1- When people speak of the Arabic language, they are generally putting aside a very important aspect of this language. The Arabic language is not a spoken language. It is the literary language in the entire Arab world. In no single culture is the Arabic language a spoken language. It is the language of books and magazines. It is never the language that we use to open up our view of the world on a daily basis, and definitely, it is not the language through which we think. I could hardly imagine that someone who is going to a grocery shop would think to herself “سوف أذهب الى الدكان ”, whether this person is Lebanese or Saudi, Syrian or Iraqi.
2- The second misconception is that we in Lebanon speak Arabic. Now, I must admit that the nature of this argument has had its share of political connotations in Lebanon , especially that some Lebanese political groups have used it to distance themselves from the larger Arabic world and culture. As a result, other opposing Lebanese political groups that identify with the Arab world and culture have rejected this notion of language, and this subject became an extremely sensitive subject that everyone tries to avoid. My own conception of this matter is that this subject should be taken out of the political arena, and put back in its proper context, which is the scientific and linguistic context. I do not believe that Lebanese politicians have any right or the proper knowledge of the subject matter to make any determination on this issue. Now, the reason that I said that there is such a misconception in the beginning is due to the fact that the everyday Lebanese that we speak seems to share a lot of vocabulary with the Arabic language. But here we have to remember, that the Arabic Language and the Phoenician language are both Semitic languages and share a lot of common words. Browsing through the dictionary will give the reader an understanding of the extent that these terms are shared. Yet, the mere fact remains that the sentence structure of the everyday Lebanese is closer to the sentence structure of the Phoenician than that of the Arabic Language. Therefore, in Lebanon we can make neither the assumption nor the assertion that we speak Arabic. Neither can we on the other hand say that we speak Phoenician for that matter. We simply speak Lebanese, a very unique & hybrid language. We have our traditional poetry recited in this language, we raise our children within this language and we ask for a drink of water when we are thirsty in this language.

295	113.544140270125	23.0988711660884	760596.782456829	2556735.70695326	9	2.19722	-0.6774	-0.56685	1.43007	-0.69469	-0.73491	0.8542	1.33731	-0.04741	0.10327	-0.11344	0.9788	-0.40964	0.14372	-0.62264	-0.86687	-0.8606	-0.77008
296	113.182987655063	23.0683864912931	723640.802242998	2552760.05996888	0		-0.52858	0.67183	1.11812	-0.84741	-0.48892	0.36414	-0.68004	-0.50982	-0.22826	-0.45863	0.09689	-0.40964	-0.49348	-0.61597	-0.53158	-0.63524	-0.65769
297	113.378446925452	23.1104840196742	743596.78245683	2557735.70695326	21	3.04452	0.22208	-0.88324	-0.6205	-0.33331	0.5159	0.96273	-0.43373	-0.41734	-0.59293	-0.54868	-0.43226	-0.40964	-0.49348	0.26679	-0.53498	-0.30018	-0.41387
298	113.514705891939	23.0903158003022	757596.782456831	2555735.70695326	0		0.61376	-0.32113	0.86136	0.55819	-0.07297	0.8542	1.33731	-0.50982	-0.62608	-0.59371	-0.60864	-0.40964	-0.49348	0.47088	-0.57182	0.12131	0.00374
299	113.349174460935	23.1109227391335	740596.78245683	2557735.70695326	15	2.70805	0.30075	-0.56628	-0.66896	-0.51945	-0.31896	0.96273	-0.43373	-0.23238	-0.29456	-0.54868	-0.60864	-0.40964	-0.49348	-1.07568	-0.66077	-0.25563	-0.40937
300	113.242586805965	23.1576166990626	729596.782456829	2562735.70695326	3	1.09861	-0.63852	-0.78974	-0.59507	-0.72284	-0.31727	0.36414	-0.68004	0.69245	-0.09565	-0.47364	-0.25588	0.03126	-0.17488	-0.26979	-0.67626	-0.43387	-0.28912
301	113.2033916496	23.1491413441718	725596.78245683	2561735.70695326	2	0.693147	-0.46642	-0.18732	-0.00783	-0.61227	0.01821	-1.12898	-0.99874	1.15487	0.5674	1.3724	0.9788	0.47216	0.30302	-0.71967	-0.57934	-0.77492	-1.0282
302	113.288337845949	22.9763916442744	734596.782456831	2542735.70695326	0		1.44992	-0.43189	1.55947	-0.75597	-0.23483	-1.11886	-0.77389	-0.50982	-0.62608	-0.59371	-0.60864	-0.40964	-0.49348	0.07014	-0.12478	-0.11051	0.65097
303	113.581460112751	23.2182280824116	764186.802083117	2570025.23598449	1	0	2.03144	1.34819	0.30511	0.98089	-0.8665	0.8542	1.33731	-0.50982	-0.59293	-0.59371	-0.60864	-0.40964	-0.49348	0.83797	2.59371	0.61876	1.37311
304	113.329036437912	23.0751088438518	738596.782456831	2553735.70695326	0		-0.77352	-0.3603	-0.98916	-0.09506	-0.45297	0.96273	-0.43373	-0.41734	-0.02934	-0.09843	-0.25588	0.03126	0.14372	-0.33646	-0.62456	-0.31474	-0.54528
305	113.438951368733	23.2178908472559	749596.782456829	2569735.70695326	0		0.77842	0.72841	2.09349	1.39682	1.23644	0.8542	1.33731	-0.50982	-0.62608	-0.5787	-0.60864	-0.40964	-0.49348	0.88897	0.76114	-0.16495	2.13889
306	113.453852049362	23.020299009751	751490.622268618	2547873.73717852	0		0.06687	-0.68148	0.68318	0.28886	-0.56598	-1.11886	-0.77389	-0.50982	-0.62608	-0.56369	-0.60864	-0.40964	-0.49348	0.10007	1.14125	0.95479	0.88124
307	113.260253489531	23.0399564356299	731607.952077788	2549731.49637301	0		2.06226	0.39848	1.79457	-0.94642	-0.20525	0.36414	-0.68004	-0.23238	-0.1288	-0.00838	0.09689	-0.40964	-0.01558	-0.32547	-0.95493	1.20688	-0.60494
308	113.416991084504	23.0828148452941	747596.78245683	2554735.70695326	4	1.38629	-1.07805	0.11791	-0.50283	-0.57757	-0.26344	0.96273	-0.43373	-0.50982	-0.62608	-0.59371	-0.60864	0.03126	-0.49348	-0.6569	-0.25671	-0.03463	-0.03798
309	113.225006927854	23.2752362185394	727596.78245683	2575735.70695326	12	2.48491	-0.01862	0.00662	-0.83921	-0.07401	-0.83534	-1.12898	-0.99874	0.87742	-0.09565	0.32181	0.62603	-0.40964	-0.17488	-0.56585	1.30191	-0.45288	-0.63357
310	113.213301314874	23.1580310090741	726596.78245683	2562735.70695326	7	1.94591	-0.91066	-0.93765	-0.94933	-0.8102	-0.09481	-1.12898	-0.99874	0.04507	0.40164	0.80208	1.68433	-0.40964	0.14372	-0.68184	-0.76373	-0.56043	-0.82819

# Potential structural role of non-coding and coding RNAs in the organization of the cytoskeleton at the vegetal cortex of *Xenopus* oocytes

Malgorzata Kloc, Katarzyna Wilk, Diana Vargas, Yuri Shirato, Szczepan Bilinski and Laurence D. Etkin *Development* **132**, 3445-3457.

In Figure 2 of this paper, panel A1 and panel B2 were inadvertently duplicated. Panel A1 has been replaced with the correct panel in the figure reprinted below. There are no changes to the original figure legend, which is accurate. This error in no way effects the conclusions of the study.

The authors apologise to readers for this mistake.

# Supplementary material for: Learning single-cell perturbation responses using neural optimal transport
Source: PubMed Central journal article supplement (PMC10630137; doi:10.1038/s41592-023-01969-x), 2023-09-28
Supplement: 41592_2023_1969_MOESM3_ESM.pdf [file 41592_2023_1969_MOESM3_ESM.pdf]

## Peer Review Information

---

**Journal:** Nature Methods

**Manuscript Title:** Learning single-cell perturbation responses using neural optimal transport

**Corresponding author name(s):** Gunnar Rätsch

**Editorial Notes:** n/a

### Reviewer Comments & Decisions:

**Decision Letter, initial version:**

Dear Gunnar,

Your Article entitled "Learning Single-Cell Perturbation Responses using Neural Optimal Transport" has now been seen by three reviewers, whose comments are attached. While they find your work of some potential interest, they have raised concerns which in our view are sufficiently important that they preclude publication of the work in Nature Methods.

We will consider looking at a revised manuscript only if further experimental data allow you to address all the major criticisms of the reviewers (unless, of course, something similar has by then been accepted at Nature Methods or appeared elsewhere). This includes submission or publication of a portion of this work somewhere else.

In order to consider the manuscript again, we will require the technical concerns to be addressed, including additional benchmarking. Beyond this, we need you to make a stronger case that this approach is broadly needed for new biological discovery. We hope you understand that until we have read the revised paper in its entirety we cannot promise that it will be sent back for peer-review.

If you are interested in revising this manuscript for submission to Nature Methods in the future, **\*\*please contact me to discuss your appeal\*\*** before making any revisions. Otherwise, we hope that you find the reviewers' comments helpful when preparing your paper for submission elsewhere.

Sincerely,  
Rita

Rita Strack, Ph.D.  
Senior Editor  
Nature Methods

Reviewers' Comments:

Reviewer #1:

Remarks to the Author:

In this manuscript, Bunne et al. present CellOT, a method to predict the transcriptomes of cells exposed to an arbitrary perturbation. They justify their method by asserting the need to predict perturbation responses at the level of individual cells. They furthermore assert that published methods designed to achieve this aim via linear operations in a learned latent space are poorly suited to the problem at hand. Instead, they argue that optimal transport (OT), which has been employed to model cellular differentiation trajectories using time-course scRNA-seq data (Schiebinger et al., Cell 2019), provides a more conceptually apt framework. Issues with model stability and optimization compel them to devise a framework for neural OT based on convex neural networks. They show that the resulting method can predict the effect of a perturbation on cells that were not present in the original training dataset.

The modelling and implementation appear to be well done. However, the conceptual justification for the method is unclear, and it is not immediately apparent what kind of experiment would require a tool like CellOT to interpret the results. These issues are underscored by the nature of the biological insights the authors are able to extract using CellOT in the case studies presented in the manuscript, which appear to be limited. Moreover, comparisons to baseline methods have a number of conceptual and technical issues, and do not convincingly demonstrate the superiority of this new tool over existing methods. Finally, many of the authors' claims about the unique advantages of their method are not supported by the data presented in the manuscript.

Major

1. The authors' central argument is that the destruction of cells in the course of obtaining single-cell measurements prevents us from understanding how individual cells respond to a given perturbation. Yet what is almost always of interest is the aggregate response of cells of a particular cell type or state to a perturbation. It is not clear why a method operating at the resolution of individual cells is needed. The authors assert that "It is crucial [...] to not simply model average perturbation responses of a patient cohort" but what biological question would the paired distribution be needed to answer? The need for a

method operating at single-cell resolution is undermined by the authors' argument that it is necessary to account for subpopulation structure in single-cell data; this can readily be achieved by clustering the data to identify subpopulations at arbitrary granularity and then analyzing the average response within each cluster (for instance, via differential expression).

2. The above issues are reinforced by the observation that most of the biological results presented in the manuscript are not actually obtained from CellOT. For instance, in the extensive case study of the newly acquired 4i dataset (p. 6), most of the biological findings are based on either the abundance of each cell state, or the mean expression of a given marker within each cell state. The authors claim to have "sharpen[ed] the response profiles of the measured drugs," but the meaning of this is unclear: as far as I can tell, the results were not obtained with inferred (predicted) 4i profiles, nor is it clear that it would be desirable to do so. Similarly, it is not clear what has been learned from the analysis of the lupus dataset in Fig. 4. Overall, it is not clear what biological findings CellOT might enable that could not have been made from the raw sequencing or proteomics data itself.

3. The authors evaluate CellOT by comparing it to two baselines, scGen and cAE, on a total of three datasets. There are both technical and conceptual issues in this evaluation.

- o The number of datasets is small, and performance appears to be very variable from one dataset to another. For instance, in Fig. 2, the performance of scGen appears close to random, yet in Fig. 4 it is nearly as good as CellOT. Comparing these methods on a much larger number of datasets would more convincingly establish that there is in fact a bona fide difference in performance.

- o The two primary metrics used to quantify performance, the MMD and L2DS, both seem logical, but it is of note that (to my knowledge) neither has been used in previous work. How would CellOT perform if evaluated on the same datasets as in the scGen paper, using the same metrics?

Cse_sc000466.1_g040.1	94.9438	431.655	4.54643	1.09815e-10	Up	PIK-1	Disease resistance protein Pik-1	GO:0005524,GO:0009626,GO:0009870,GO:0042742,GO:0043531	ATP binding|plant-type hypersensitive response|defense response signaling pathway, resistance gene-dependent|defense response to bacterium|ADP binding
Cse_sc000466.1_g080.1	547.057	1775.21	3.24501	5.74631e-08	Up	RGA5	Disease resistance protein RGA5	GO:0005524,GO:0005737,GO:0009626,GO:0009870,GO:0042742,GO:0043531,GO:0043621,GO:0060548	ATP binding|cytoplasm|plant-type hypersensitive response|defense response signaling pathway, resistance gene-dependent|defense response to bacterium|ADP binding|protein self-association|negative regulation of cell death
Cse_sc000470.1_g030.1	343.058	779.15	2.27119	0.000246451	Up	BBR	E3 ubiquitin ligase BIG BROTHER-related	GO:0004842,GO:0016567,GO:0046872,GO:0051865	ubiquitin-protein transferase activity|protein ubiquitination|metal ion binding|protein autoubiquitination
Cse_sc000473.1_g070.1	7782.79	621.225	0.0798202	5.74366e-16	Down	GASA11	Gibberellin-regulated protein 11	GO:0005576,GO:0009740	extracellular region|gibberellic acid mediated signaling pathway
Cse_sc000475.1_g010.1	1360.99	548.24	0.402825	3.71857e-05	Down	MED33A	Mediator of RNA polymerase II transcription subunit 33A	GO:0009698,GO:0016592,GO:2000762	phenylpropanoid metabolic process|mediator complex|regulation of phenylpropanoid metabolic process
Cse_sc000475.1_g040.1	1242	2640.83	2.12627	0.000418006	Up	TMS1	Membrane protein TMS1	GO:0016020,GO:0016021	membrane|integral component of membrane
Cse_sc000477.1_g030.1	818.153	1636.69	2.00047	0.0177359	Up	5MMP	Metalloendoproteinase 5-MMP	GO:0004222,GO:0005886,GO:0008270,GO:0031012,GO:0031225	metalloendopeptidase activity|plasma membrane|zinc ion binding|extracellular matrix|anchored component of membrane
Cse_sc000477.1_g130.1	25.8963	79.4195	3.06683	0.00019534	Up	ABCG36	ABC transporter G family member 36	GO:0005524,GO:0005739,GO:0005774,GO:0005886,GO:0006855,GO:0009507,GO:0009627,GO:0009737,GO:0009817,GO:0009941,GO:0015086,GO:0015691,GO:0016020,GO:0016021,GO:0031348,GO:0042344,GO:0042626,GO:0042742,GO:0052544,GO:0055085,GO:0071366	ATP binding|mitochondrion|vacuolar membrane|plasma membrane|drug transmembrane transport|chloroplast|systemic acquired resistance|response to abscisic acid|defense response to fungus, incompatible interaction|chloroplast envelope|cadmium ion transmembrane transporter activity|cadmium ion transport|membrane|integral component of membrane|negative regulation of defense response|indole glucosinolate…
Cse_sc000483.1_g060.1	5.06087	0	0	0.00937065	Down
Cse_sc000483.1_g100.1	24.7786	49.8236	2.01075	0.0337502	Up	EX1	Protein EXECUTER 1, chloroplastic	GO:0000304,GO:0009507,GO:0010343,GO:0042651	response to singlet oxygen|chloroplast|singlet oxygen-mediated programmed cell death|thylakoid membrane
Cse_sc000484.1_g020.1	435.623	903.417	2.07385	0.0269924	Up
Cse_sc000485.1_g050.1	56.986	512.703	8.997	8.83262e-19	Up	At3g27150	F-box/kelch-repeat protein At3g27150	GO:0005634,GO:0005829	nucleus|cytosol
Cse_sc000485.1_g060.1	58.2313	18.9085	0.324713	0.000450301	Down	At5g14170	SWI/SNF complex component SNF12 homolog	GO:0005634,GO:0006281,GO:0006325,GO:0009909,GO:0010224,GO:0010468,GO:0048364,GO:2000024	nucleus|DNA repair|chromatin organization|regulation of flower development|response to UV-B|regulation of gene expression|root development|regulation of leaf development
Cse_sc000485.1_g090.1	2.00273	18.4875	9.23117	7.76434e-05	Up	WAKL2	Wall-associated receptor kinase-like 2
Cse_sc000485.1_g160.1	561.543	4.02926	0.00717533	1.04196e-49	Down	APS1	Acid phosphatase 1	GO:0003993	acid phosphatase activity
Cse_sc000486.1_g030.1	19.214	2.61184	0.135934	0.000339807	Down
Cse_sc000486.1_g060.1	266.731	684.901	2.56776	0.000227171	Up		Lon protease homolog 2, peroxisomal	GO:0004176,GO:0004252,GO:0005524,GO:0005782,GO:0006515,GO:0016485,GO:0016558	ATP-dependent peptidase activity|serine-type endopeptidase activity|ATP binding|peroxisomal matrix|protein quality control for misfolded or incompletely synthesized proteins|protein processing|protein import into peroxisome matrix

Having said this, it becomes clear that we have to strive to understand the language we speak in Lebanon , in order to better understand the way we think, the way we live, and the way we interact with each other. Yet, we cannot do so, before setting up the proper frame work for understanding. We must go back to the language of our ancestors, the original language that was spoken on these shores, and which still survives in our language structure, our dialect and our vocabulary. It has been transformed much since then, but a deconstruction of our Lebanese language will help to reconstruct our understanding of it. This means that research has to be done on this subject and disseminated to the public, as well as the scientific community, so that we can start to reconstruct the various elements of our language and thought. That is why one of my major concerns was to make this information available as an open source.
All the terms in this dictionary are taken from scientific resources and Phoenician inscriptions found in Lebanon and in Phoenician colonies. Therefore, this work is a scientific approach towards the Phoenician language, and a humble contribution towards the understanding of our Lebanese culture, language and heritage. I hope that this work will be put to a good use, and will shed a light on one of the dark corners of our thought.
-- Maroun G. Kassab
Online English to Phoenician Dictionary